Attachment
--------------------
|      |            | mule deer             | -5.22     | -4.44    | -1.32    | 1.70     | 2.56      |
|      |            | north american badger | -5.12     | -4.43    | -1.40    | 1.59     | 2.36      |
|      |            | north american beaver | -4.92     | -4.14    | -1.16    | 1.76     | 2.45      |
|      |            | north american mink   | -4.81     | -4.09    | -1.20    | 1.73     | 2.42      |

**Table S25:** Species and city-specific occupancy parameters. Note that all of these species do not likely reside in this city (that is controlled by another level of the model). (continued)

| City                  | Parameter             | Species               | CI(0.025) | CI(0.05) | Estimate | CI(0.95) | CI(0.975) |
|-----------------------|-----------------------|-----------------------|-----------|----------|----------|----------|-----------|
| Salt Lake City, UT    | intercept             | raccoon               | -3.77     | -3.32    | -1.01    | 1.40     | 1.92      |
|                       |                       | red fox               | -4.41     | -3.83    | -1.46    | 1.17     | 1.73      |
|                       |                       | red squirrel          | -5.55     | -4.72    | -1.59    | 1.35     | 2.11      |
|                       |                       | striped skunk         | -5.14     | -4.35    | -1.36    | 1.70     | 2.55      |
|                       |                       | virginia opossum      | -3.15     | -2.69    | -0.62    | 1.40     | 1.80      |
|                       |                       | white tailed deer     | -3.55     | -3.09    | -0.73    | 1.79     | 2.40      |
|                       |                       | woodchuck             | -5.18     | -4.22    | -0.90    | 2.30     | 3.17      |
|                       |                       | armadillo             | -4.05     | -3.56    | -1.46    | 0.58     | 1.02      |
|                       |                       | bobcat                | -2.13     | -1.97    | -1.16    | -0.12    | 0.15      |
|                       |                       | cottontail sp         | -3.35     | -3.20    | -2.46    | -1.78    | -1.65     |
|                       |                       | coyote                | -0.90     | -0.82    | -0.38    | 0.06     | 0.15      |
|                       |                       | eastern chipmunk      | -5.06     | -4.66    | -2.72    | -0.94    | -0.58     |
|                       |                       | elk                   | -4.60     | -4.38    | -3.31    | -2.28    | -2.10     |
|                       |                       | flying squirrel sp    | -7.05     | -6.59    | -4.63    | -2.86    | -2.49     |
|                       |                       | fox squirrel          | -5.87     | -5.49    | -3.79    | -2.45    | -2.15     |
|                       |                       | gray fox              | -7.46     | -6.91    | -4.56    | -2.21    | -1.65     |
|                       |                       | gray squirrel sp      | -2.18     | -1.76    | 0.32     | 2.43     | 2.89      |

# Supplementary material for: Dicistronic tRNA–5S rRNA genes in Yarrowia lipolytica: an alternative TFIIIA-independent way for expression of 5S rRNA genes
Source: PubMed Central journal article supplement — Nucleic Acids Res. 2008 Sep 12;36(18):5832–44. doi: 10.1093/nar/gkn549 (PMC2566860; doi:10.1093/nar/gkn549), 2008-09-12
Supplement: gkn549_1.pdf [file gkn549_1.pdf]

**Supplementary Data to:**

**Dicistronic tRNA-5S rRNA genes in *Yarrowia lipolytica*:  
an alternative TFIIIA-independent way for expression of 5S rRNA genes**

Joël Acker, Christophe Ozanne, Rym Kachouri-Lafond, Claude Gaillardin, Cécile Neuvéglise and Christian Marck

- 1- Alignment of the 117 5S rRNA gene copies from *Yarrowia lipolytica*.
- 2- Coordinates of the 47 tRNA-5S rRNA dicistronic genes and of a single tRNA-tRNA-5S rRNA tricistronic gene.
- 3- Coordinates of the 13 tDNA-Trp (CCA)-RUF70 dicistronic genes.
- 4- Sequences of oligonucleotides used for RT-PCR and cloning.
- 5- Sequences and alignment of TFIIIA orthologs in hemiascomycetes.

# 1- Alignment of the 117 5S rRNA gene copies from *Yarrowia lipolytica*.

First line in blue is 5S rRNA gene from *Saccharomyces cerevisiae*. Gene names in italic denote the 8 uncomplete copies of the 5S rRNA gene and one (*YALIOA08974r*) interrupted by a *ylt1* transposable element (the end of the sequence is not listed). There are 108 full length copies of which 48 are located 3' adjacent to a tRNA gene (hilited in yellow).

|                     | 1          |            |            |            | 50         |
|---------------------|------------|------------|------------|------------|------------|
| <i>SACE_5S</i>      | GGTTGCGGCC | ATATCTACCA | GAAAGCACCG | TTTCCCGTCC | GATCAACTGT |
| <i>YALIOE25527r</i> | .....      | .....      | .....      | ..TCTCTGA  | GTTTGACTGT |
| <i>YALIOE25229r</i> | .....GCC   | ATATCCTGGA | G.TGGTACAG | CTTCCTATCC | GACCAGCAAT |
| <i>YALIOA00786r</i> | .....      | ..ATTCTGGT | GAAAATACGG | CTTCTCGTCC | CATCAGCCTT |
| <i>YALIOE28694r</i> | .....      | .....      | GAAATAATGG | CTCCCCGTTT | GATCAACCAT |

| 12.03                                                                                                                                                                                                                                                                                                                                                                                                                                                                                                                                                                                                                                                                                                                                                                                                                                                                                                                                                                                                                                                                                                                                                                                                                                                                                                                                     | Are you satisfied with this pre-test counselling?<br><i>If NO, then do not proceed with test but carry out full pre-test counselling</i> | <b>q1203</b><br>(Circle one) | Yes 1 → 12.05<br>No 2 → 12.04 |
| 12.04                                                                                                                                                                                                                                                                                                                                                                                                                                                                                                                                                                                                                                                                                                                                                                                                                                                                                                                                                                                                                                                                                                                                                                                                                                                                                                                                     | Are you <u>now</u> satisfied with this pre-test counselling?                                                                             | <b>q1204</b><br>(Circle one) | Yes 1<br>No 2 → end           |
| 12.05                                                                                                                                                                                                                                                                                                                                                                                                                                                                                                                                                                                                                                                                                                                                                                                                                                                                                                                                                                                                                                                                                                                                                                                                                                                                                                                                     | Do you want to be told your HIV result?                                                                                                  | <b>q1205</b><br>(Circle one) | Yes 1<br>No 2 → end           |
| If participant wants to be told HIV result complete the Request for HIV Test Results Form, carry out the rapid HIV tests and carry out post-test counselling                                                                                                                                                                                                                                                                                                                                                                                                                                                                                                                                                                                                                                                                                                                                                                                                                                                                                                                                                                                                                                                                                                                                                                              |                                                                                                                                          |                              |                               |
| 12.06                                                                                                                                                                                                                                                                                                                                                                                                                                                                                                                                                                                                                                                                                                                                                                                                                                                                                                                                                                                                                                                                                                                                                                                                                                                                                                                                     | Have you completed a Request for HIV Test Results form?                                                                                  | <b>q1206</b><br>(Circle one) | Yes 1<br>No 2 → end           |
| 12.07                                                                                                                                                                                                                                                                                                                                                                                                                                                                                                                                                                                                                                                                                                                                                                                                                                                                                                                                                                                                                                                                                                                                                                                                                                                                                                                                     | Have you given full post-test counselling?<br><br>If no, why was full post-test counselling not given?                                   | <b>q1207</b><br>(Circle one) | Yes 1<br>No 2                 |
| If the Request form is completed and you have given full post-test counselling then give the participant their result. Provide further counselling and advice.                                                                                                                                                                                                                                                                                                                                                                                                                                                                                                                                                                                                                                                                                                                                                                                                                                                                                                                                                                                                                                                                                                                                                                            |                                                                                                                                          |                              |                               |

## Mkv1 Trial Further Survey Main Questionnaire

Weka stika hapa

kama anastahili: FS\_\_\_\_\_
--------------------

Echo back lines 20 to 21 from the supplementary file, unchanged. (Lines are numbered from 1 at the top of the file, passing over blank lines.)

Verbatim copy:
|                       |                       | elk                   | -4.60     | -4.38    | -3.31    | -2.28    | -2.10     |
|                       |                       | flying squirrel sp    | -7.05     | -6.59    | -4.63    | -2.86    | -2.49     |